# Algorithms to Antennas: Three-Dimension Indoor Positioning Using IEEE 802.11az Waveforms

Jan. 19, 2022
In this blog, we describe an application that leverages RF signals in accordance with 802.11az to determine the position of an object.

This blog is part of the Algorithms to Antennas Series

What you'll learn:

• What is IEEE 802.11az?
• Using trilateration for positioning computations.
• Using deep learning to determine positioning.

This edition of Algorithms to Antennas describes an application in which RF signals are used to determine the position of an object. If you have been following this blog over the past four years, you might think radar is involved. While it’s a good guess since you can use radar to estimate an object’s position, we look instead to a wireless standard that supports positioning.

The IEEE 802.11az Wi-Fi standard defines the signals used to make measurements and the protocols employed to exchange timestamps. We will estimate the position of a station (STA) in a multipath environment using time-of-arrival (ToA) measurements. These measurements are fed into a multiple signal classification (MUSIC) algorithm to estimate the time of arrival of signals (super resolution beyond sample rate accuracy). We then estimate the two-dimensional position of a STA using trilateration.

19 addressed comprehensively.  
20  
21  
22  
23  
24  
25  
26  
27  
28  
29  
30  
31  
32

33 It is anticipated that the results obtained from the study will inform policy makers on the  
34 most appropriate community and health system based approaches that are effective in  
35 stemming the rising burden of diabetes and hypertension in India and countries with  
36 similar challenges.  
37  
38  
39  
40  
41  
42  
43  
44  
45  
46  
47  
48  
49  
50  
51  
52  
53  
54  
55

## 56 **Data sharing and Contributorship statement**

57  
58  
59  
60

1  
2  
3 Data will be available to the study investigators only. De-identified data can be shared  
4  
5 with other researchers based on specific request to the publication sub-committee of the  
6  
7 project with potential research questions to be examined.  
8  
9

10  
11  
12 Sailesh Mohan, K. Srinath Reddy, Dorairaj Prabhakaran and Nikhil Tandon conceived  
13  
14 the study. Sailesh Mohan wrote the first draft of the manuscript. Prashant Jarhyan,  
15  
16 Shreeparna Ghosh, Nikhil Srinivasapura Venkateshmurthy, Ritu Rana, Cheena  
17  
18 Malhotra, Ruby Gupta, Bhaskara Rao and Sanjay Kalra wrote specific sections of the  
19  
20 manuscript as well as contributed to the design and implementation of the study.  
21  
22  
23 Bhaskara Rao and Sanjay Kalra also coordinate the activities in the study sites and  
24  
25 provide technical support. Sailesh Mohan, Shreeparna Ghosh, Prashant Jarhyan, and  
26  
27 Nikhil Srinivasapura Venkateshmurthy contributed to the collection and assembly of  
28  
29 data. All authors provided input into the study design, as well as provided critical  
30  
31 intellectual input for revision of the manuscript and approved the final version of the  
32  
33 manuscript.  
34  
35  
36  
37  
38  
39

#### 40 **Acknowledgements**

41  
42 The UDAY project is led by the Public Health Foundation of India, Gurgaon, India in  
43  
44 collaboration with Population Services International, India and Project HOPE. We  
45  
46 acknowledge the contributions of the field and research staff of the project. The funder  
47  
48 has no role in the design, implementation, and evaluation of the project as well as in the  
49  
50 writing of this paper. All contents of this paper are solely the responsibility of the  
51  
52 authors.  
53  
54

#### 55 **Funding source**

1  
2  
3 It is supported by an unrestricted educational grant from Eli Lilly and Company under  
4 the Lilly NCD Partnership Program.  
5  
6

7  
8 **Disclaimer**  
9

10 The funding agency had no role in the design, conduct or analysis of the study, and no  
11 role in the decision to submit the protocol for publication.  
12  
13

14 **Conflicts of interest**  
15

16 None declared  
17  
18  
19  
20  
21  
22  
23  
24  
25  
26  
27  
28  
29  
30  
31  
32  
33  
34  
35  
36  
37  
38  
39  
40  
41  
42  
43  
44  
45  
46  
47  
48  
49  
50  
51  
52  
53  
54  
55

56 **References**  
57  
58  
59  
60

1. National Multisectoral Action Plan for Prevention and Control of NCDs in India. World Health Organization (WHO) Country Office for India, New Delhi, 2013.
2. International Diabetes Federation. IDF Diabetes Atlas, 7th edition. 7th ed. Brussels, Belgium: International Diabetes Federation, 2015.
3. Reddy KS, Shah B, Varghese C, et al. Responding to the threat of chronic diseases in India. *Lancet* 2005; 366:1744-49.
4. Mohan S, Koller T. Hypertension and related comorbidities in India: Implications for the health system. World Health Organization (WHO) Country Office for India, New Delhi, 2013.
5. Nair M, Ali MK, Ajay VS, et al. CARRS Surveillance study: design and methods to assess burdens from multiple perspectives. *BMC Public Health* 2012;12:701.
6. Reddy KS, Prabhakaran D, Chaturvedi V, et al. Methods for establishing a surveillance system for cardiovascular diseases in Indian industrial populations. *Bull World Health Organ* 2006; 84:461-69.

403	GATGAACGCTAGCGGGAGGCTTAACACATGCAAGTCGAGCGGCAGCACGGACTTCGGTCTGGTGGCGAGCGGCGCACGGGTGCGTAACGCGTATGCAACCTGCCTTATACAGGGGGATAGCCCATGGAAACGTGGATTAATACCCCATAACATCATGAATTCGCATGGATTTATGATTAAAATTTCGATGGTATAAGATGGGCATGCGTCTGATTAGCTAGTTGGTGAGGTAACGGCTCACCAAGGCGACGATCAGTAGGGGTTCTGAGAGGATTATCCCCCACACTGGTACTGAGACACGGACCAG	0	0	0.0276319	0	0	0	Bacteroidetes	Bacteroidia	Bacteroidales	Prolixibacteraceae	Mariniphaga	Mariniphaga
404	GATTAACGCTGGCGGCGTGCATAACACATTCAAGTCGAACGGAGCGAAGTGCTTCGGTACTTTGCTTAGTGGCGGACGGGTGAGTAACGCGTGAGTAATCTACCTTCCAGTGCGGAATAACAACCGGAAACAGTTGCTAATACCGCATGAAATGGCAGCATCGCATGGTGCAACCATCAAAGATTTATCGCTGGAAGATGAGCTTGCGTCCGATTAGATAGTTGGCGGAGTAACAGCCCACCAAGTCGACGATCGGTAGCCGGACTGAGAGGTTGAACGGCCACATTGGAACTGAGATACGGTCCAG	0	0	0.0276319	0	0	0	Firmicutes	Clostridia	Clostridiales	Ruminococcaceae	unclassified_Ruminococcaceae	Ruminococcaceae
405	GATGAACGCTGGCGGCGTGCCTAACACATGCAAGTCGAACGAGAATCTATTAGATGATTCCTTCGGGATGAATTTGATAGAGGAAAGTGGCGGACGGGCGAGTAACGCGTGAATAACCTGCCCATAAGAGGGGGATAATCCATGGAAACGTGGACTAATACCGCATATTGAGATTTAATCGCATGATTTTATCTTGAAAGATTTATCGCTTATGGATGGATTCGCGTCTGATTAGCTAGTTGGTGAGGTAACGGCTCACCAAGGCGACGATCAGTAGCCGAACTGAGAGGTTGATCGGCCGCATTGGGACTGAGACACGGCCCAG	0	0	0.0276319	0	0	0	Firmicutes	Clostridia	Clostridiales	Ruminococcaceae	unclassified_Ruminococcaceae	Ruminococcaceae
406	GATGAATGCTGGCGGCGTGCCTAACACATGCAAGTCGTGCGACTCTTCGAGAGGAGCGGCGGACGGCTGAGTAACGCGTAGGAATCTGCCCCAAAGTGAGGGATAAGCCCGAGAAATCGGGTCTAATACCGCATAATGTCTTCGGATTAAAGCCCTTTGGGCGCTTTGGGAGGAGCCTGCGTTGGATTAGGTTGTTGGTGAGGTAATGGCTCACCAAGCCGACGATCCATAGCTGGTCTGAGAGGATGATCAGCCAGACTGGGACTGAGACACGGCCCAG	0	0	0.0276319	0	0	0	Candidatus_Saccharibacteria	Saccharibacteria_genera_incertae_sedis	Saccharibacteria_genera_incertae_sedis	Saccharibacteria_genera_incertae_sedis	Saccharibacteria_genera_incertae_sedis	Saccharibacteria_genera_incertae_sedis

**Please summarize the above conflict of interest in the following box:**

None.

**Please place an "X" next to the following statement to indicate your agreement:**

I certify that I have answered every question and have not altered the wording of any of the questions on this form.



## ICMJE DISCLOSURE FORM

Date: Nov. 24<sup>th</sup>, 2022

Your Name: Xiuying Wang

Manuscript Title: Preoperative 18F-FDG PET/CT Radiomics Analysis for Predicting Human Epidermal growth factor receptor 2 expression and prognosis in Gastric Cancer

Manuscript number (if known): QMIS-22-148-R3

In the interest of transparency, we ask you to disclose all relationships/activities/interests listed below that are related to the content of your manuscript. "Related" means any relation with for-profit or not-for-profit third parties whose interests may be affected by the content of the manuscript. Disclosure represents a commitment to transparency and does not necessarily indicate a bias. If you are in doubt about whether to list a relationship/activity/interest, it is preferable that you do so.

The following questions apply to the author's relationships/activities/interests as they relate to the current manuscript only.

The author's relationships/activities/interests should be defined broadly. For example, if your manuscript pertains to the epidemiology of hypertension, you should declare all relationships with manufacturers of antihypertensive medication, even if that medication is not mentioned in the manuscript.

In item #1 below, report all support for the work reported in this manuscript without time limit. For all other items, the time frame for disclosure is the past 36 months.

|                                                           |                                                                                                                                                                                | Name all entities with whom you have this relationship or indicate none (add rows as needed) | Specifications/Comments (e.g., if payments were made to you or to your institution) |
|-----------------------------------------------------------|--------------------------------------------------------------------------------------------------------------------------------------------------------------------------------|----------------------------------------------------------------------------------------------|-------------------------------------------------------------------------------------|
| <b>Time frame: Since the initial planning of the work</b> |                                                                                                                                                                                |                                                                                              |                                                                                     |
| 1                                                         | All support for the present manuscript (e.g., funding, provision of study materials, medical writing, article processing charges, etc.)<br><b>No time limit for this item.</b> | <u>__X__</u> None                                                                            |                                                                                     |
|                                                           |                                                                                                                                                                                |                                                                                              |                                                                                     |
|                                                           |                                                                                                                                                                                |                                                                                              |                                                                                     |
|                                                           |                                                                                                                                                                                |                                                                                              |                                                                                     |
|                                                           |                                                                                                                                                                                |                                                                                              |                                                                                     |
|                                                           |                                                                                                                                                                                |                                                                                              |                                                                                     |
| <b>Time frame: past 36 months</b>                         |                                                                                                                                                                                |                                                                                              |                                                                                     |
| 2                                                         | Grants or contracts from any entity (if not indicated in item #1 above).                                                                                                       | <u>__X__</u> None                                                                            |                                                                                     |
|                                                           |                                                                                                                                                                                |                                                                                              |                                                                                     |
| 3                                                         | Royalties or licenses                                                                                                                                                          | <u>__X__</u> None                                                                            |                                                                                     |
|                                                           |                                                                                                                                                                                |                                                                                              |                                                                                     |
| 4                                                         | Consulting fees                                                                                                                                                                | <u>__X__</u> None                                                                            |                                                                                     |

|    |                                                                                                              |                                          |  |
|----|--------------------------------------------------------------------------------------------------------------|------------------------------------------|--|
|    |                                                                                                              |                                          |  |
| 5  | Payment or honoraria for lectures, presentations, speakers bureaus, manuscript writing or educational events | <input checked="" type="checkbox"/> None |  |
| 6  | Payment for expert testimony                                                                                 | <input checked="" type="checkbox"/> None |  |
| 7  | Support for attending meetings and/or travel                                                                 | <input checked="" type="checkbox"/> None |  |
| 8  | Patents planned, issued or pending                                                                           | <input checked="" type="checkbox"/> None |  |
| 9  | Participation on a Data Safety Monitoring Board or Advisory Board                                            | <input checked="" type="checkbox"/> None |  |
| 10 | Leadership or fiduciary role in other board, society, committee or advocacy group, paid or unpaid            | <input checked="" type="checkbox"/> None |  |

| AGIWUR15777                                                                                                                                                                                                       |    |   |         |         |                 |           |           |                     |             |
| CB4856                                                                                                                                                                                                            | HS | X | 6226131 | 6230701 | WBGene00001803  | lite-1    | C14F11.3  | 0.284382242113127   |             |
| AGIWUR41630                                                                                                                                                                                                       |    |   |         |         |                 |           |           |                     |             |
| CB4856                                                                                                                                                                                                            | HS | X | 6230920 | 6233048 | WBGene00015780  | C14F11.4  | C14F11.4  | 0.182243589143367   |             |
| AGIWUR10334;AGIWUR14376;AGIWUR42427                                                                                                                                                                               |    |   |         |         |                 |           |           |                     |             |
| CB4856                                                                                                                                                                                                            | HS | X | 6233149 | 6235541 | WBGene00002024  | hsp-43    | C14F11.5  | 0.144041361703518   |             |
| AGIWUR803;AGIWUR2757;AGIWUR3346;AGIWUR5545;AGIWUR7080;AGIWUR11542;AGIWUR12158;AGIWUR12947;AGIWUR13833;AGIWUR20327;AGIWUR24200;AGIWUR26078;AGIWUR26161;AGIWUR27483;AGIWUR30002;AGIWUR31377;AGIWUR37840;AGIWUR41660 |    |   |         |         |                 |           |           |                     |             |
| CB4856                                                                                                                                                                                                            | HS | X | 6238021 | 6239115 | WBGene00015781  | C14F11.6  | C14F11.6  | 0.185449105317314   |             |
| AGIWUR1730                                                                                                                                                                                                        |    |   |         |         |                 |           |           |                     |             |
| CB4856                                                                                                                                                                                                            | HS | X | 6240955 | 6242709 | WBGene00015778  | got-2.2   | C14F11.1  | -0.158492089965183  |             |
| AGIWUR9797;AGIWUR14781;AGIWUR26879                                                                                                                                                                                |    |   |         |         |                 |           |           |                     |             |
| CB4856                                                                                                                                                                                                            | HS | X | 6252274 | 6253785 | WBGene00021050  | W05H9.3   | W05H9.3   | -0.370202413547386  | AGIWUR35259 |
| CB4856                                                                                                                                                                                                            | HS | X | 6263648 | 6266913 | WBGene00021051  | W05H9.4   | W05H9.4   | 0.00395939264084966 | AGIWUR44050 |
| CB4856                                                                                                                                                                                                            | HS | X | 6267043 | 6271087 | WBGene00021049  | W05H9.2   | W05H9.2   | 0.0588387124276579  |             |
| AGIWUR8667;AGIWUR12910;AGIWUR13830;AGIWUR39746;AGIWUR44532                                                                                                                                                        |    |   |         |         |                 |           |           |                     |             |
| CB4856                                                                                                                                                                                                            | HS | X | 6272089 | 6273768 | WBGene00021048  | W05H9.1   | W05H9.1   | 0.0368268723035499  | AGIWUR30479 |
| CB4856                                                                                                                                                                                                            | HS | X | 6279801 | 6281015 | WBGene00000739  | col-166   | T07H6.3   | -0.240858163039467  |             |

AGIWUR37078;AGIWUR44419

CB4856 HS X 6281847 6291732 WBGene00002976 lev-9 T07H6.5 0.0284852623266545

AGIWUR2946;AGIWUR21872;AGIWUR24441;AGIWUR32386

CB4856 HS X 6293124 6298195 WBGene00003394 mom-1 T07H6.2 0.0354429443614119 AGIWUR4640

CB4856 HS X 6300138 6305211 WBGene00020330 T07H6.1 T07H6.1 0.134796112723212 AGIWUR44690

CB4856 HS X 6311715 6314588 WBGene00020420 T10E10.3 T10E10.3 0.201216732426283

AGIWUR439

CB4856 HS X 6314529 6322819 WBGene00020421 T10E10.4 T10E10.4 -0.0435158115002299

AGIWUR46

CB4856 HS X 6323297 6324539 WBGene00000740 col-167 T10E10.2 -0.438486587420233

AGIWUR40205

Later in the post, we will use deep-learning techniques to predict the three-dimension position of STAs based on a fingerprint consisting of channel state information (CSI) measured at specific locations in an environment.

### Positioning Using Trilateration

The IEEE 802.11az Wi-Fi standard is commonly referred to as next generation positioning (NGP). The standard provides physical-layer features that enable ranging and positioning. With this, we can use line-of-sight (LOS) conditions to extract temporal information, such as ToA, or spatial information such as angle of arrival (AoA), from a multipath signal to compute a distance between devices. When the range between at least three devices can be measured, trilateration may be used to compute a position estimate (Fig. 1).

The 802.11az standard enables a STA to identify its position relative to multiple access points (APs). For our first example, we create an 802.11az network that includes a STA and three APs. We simulate a ranging measurement exchange for each STA-AP pair. This allows us to perform trilateration to determine the position of the STA.

Figure 2 shows the steps performed in our simulation, from waveform generation to trilateration.

We calculate distance ranging measurements between the STA and each AP by capturing the timestamps of the null data packet (NDP). Figure 3 shows the measurement sounding phase between a STA and a single AP.

You can estimate TRTT, which is the roundtrip time (RTT), by combining the timestamps as follows:

TRTT = (t4 − t1) − (t3 − t2)

The distance (d) between the STA and AP by can then be calculated using this equation:

d = TRTT c/2

where c is speed of light, and t2 and t4 are estimated using the MUSIC algorithm.

Figure 4 shows the ranging process that’s performed.